According to some social pundits, the Rolling Stones' 1969 Altamont concert drove a stake into the celebratory optimism of the hippie era. Regardless of its place in pop culture though, Altamont was an unmitigated security nightmare. Before the echoes faded or the roadies unplugged the amps, one reveler had been knifed to death, three died accidentally and several others were wounded.
The Stones 1969 American Tour culminated with a free concert in California. Along with the Stones, the show headlined The Flying Burrito Brothers, Jefferson Airplane, Santana, Crosby, Stills, Nash and Young and the Grateful Dead. (Sensing the rising tide of violence, the Dead would ultimately refuse to take the stage.)
Although originally slated for Golden Gate Park, the venue had to be changed due to a conflict with a San Franciso 49ers football game. Organizers first moved the event to Sears Point Raceway, but a dispute over the filming rights for the concert ensued. Organizers made their final selection, the Altamont Speedway in Northern California, only two days before the scheduled December 6 date. The new location, and the resultant ad hoc security plan, virtually guaranteed disaster.
Let's take a look at some of Altamont's enduring security lessons.
Lesson One: Rely on Natural Access Control
Stage placement proved to be the Altamont location's tragic flaw. The Sears Point venue would have placed the stage at the top of a rise and above the crowd. Instead of being elevated, however, the Altamont stage was at the bottom of an incline and less than four feet above the audience. This arrangement directed all of the crowd pressure towards the performers. As Grateful Dead manager Rock Scully would later say, "that whole crowd could have easily passed out, and rolled down onto the stage. There was no barrier."
In security terms, the situation suffered from a lack of natural access control. Natural access control is one of the four principles of Crime Prevention Through Environmental Design (CPTED), and uses natural and construction features to control access to restricted areas. Had the concert taken place at Sears Point, the natural elevation would have provided a barrier to protect the performers. With the absence of natural access control at Altamont, another solution was needed to protect the stage.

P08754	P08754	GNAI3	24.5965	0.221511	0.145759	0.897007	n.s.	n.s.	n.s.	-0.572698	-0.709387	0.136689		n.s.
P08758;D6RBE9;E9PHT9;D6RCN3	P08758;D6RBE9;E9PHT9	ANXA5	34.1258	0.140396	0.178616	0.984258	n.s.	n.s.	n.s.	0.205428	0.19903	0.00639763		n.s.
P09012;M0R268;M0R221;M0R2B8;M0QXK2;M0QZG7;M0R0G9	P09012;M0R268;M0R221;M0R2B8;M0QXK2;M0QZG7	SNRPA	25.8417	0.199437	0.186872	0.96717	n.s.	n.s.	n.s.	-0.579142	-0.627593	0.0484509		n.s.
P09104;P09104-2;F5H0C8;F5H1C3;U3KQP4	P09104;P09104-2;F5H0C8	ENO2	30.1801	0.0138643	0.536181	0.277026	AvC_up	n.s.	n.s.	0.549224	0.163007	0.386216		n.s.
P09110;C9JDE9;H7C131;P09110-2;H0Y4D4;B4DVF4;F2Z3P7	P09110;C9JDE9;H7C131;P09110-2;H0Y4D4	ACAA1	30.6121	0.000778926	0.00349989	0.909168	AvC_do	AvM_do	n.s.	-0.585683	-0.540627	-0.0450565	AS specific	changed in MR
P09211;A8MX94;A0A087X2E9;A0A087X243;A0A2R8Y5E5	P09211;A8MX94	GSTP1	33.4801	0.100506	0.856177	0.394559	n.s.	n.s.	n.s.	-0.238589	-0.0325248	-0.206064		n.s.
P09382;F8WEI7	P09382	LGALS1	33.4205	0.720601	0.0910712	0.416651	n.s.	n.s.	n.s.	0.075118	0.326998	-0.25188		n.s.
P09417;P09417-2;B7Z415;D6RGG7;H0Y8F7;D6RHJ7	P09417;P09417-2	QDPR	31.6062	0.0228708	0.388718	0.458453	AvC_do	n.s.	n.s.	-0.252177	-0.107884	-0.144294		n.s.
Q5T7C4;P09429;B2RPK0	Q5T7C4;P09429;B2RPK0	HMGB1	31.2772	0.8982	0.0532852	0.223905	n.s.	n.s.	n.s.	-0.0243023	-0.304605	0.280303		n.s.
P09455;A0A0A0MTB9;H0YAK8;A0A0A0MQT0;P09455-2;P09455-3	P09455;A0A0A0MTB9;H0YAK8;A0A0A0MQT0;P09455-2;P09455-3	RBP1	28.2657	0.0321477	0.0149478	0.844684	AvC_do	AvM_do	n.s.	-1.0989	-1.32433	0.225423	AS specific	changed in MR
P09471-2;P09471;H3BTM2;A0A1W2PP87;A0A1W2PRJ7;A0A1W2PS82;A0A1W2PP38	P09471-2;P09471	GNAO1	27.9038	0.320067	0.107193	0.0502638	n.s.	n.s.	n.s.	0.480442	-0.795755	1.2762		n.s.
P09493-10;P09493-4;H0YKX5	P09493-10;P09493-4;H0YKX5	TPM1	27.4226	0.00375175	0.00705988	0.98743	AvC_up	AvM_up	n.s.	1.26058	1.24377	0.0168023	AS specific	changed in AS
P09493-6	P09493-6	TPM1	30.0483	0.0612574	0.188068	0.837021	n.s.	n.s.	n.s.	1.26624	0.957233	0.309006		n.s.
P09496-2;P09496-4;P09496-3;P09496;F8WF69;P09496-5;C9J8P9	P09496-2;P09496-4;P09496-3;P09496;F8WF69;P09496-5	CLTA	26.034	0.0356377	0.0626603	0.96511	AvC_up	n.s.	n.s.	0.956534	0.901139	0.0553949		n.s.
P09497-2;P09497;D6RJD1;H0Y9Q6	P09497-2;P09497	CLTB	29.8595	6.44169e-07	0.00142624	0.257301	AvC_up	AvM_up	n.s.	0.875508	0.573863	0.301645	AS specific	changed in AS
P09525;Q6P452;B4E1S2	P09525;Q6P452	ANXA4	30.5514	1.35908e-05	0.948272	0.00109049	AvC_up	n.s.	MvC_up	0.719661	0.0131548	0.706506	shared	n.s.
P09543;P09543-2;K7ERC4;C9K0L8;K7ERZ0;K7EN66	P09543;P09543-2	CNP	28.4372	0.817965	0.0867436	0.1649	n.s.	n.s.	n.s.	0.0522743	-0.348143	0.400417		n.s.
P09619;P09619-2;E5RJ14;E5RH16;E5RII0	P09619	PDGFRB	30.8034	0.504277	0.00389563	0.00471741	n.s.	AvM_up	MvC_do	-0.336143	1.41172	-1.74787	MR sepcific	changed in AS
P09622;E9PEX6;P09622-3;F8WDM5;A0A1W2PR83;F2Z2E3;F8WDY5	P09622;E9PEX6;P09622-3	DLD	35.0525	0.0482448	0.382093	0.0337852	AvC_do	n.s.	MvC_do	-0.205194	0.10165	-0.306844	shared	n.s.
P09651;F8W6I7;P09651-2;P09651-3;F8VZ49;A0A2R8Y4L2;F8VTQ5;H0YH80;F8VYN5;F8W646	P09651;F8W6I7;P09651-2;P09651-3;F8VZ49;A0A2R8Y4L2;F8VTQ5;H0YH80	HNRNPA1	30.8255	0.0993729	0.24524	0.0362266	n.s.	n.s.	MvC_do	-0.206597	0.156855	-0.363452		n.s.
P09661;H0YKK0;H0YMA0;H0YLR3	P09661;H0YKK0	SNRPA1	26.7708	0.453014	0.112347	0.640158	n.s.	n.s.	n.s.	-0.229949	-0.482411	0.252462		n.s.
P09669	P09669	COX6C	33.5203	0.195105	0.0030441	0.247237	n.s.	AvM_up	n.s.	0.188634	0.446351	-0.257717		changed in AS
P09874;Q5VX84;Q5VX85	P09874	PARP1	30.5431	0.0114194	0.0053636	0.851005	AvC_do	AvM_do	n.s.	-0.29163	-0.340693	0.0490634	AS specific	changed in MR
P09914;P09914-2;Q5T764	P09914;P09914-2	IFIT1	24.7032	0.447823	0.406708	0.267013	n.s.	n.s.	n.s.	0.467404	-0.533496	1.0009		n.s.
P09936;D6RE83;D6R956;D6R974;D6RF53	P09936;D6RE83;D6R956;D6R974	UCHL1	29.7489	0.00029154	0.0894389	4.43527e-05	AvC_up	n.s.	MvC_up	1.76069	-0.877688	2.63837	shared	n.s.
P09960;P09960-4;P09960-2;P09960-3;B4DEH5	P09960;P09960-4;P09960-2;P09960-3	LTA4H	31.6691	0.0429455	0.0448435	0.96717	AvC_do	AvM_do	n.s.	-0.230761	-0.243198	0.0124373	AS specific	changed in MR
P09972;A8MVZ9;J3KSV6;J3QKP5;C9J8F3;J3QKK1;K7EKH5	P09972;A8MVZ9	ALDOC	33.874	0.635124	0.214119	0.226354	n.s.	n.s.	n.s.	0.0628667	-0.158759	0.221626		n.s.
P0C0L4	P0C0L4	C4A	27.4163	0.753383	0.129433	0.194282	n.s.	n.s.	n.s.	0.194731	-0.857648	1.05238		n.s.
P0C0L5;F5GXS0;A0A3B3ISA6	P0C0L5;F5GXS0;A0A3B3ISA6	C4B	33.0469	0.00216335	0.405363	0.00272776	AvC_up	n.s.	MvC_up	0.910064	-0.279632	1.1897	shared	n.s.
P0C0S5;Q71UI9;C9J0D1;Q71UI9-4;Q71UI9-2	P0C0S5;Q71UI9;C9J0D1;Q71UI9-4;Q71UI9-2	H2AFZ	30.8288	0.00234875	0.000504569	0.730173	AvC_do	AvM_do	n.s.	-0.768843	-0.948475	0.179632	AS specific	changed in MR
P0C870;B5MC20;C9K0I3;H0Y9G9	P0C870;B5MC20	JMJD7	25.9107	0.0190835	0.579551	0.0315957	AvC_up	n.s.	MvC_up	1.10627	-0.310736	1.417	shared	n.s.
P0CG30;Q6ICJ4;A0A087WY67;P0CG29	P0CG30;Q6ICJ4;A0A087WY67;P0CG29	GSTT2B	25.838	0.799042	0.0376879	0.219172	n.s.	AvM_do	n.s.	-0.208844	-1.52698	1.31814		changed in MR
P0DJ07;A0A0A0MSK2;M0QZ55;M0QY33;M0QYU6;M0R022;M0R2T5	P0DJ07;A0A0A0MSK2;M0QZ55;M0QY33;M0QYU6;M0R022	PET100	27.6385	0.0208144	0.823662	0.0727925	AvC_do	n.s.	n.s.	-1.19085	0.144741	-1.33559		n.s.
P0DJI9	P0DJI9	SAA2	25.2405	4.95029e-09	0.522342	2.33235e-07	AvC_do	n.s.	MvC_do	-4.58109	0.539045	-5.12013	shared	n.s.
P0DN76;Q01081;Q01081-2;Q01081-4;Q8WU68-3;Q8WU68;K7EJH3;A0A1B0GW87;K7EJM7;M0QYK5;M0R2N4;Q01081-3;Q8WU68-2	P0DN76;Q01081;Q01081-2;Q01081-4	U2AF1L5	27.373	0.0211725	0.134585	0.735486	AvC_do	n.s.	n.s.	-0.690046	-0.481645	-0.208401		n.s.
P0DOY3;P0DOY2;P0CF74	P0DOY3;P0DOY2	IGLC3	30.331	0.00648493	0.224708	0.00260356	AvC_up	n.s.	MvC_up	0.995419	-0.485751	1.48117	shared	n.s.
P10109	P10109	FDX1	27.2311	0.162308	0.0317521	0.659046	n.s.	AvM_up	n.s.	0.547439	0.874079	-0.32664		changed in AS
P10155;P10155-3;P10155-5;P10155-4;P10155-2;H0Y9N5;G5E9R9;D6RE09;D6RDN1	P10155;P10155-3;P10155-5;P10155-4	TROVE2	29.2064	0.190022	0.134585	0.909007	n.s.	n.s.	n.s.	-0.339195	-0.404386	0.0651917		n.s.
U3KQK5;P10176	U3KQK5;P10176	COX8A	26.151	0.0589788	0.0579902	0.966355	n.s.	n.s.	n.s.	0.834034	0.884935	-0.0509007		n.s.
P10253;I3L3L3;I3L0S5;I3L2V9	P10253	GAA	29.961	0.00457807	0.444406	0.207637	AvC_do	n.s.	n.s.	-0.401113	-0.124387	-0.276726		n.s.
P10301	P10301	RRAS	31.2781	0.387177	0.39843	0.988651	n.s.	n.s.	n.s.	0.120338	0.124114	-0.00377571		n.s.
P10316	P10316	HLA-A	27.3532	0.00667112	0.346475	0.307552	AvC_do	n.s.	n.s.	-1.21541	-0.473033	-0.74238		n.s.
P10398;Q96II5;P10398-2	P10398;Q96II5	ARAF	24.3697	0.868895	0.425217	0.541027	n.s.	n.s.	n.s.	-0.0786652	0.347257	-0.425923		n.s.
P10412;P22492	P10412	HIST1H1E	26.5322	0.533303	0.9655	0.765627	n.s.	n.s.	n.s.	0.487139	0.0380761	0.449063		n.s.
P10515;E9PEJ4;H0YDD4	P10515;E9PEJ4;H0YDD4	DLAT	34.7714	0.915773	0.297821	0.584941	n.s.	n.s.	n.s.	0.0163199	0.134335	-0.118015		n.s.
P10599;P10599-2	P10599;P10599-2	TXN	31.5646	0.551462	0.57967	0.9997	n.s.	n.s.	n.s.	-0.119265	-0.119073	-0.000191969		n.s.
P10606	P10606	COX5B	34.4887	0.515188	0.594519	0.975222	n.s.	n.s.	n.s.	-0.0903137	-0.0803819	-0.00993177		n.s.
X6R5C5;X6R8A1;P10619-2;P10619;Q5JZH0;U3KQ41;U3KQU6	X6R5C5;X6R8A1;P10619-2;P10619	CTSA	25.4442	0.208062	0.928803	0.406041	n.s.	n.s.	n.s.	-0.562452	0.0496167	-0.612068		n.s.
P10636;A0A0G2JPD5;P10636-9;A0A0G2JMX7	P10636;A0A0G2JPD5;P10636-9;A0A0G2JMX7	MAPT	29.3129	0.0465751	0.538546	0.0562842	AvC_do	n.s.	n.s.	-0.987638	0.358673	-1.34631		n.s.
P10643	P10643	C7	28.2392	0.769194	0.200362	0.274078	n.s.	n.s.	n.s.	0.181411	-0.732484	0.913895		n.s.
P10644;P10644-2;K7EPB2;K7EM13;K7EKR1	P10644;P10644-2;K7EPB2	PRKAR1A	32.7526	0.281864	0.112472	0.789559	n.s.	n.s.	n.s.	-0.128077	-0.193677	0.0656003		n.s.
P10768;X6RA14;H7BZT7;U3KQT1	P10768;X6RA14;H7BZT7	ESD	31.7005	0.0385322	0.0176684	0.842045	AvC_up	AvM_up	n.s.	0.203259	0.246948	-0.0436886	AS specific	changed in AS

Enter the Hells Angels.
Lesson Two: Choose Your Armed Guards Wisely
On the night of the concert, the Oakland Chapter of the Hells Angels lined the stage, wielding weighted pool cues. To this day, conflicting stories circulate about the Angels' intended role. Some say they were there as a security detail, others that they were simply asked to keep an eye on the equipment and provide a little crowd control.
The day after the concert, Angels member Sonny Barger called KSAN-FM radio and said:
I ain't no cop, I ain't never going to ever pretend to be no cop. I didn't go there to police nothing, man. They told me if I could sit on the edge of the stage so nobody could climb over me, I could drink beer until the show was over. And that's what I went there to do.
Whatever the case, the Hell's Angels received $500 in beer for their services and, on the day of the concert, formed the only wall that could keep the crowd from rushing the stage.
As the concert thumped on, and intoxication set in, skirmishes involving the crowd, the Angels, and the performers began to escalate. Fights erupted, bottles were thrown, and one of the Hell's Angels took the stage to punch Jefferson Airplane's Marty Balin unconscious. Mick Jagger was attacked immediately after exiting the helicopter that flew him in.
The concert's defining moment occured as the Rolling Stones began to play Under my Thumb. High on methamphetamines, 18 year-old Meredith Hunter approached the stage, pistol in hand. Hells Angel Allen Passaro disarmed him and stabbed him dead.
Choosing armed guards, whether those guards are carrying pistols, knives or pool-cues, is certainly one of the more consequential decisions a company can make.
Lesson Three: Choose Your Camera Locations Carefully
The Altamont concert was filmed, and later formed the basis of the documentary Gimme Shelter. Although the cameras weren't operated for security purposes, they did provide the visual evidence that pieced together Altamont's tragic story. In 1971, after viewing footage clearly showing Meredith Hunter with a drawn pistol, a jury acquitted Allen Passaro of murder, deciding he had acted in self defense.
For most businesses, careful security camera placement can not only deter crime, but provide valuable evidence if an incident occurs.